If you’re into Ounces it will be:
Glass/Serve Volume (Ounces) x Alcohol Content (% abv) x 1.6 = Calories
Dry wines are commonly found in a range from around 11.5% alcohol to about 15%, sometimes more.
Essentially, a standard-size glass of wine (175 ml or 6 oz.) at 13% abv contains about 125 calories from the ethanol alone.
b) Calories from Residual Sugars
Dry wines have generally less than 5 grams/Litre of residual sugars (sugar that was not transformed into ethanol during fermentation). This is less than 1 gram of sugar per glass, so less than 4 calories. Sugars don’t account for many calories in dry wines then, as expected!
Off-dry or sweet wines however can vary greatly in their sugar concentration, typically ranging from 10 to 150 grams/Liter. Some insanely sweet styles can even have 300 g/L or more, but believe me you can feel it when you taste it and go easy on them!
It is unfortunately often very hard to know precisely how much sugar is in a wine as this information is not detailed on wine labels. Governments in the US and the EU are considering making the calorie count mandatory on wine labels, but they’re still thinking about it as it is a little scary to many!
In the meantime, check on winery websites, as some of them provide the information on their wine’s spec sheets.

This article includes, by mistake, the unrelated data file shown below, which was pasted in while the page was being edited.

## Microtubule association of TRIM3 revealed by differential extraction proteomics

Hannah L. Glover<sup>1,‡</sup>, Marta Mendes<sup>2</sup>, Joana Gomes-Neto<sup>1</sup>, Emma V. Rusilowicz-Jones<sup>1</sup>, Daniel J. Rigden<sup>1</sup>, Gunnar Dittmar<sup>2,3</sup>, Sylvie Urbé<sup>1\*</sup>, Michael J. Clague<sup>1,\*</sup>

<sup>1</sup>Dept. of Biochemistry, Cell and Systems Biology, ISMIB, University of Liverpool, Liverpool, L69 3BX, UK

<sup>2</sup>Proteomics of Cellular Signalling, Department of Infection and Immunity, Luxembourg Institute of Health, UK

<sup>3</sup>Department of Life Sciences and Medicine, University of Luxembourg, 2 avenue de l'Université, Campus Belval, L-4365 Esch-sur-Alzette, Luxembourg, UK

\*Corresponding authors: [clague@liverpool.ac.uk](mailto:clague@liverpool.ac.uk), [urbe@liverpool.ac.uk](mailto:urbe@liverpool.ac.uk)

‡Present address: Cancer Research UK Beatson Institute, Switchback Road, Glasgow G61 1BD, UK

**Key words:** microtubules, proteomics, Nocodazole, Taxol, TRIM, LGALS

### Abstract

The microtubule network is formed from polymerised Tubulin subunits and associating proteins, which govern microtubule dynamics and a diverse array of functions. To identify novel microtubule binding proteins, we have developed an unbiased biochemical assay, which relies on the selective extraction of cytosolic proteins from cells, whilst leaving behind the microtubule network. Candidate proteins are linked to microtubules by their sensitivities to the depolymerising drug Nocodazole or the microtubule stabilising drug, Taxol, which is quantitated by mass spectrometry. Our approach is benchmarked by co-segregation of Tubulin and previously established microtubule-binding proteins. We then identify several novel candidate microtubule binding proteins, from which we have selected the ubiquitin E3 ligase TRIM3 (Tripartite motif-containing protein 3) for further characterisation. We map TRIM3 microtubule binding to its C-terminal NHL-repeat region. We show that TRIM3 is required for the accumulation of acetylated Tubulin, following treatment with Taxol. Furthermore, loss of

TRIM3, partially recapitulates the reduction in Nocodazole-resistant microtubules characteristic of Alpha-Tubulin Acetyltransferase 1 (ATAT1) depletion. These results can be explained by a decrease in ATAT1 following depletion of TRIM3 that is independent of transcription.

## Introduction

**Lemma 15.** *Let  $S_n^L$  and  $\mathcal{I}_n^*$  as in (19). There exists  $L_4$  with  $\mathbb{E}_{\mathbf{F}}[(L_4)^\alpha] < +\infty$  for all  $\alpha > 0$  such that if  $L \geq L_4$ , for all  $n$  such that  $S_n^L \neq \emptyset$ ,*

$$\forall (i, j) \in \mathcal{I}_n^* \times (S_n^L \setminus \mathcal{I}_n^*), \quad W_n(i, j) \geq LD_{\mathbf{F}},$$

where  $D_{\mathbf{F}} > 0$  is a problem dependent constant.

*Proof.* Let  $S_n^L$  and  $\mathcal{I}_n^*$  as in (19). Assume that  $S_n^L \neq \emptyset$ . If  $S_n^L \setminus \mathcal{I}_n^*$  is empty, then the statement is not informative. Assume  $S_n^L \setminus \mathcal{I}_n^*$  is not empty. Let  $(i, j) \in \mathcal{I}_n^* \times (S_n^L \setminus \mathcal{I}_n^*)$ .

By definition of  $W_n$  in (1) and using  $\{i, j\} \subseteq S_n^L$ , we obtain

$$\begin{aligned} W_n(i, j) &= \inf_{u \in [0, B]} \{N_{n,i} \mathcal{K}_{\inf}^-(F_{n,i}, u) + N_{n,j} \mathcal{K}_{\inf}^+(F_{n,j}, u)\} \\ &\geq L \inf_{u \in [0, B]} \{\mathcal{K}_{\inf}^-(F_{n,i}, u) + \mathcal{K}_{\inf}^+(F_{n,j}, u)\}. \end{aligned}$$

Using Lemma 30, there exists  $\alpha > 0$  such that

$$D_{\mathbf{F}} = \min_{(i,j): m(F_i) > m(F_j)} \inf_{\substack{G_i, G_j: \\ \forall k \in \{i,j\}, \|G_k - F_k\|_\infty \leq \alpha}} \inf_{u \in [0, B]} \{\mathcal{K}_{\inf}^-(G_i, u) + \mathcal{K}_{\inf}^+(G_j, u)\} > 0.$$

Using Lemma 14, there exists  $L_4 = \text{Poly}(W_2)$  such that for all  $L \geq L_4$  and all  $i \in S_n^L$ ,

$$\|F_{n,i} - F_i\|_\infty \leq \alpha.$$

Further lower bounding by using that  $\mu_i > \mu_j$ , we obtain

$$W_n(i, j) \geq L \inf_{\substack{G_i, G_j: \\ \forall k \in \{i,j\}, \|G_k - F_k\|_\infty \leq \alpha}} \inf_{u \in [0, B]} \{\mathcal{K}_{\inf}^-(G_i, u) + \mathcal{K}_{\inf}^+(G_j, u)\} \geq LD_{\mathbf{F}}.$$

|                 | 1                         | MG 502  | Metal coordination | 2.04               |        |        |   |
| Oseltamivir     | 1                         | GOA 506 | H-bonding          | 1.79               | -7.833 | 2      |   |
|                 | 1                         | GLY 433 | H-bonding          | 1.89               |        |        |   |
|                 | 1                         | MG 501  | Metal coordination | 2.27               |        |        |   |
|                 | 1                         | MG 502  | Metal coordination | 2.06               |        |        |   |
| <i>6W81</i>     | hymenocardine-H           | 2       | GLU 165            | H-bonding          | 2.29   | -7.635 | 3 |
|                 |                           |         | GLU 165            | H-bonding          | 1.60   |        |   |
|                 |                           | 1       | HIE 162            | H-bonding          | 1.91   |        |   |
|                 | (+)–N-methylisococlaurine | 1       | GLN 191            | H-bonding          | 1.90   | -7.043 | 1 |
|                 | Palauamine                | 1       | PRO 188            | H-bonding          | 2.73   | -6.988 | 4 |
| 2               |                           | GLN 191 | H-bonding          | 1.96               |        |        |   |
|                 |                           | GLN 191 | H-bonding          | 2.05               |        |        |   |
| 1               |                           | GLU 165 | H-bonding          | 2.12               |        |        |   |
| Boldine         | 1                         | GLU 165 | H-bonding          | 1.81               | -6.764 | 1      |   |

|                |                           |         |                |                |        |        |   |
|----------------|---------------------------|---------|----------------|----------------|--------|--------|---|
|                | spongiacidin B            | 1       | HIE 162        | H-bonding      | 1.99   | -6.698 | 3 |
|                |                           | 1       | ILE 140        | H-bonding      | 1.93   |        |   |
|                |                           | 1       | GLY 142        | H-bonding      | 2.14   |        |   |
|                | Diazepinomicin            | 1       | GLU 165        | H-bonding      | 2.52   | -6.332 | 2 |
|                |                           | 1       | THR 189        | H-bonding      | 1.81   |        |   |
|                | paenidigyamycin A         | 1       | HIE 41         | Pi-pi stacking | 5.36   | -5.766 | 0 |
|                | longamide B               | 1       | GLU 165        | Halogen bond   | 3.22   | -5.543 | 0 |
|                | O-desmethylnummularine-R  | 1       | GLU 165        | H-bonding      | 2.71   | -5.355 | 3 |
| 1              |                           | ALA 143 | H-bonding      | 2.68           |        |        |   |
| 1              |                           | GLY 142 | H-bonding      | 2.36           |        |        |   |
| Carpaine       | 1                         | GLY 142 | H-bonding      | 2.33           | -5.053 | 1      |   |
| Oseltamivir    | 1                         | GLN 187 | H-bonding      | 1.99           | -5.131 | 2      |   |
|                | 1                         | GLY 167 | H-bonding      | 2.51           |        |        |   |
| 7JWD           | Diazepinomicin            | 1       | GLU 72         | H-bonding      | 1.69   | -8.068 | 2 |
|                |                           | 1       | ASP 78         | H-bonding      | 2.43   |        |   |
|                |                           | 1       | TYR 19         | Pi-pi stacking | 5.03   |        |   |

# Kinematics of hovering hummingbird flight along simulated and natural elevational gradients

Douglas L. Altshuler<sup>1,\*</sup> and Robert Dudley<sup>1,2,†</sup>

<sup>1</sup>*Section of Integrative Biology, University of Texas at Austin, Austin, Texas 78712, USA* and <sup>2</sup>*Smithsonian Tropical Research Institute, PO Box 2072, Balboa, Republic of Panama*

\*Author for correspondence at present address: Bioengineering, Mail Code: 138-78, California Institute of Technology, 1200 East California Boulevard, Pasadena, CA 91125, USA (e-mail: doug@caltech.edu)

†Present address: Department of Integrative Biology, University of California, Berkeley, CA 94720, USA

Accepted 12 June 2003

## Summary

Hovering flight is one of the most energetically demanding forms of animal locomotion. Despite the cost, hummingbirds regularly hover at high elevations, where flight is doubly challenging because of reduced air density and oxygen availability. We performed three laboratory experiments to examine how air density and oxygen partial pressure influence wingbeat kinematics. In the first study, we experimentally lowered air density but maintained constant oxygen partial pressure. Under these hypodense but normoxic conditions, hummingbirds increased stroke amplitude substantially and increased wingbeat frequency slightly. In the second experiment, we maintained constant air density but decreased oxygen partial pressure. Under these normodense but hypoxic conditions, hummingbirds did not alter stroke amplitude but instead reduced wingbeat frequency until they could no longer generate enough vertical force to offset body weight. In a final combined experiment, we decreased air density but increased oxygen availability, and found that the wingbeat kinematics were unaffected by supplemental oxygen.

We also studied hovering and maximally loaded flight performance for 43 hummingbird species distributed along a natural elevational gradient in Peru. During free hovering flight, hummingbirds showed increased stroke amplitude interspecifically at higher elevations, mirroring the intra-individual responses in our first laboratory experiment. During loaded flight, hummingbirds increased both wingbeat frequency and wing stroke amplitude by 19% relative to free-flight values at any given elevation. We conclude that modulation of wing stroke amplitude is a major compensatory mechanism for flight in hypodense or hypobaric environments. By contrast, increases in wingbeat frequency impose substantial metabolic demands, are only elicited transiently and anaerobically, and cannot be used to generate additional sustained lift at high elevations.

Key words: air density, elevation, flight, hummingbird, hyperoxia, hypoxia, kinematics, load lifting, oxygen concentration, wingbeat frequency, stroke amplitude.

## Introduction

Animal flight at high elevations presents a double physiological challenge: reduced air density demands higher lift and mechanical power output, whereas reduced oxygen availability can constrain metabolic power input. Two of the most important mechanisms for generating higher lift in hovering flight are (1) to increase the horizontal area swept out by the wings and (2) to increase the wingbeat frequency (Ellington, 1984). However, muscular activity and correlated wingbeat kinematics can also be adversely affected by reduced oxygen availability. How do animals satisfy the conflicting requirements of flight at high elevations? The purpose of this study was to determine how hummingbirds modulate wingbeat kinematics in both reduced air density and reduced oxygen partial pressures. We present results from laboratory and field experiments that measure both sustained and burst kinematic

If you do find the information, here is how you should calculate the calorie count from sugar in wine:
Glass/Serve Volume (Liter) x RS Concentration (Grams/L) x 4 = Calories
Glass/Serve Volume (Ounces) x RS Concentration (Grams/L) x 0.12 = Calories
- a glass (175 ml or 6 oz) of an off-dry wine containing 10 grams/liter of sugar will contain 7 calories
- while a glass (175 ml or 6 oz) of quite a sweet wine containing 100 grams/liter of sugar will contain 70 calories.
Add ‘Calories from Alcohol’ + ‘Calories from Residual Sugars’ to get the total.
That was easy, wasn’t it! It is thought wine helps keeping brain functions in good shape. Perhaps it’s from trying to work out how many calories we’re ingesting with it!
#3 The Rule of Thumb
If you can’t bother getting into calculations as detailed as above, remember this:
For Dry Wines
A standard glass of dry wine (6oz or 175ml) with relatively low alcohol (at 12%) contains about 130 Calories
A standard glass of dry wine (6oz or 175ml) with high alcohol (at 15%) contains about 170 Calories.
If you simply consider that most wines contain about 150 Calories per standard glass (175ml or 6 oz.), you won’t be too far off the reality.
For Sweet Wines
Sweet wines however, will be closer to 200 calories per glass. A significant difference but I’ll let you do the math for yourself 😉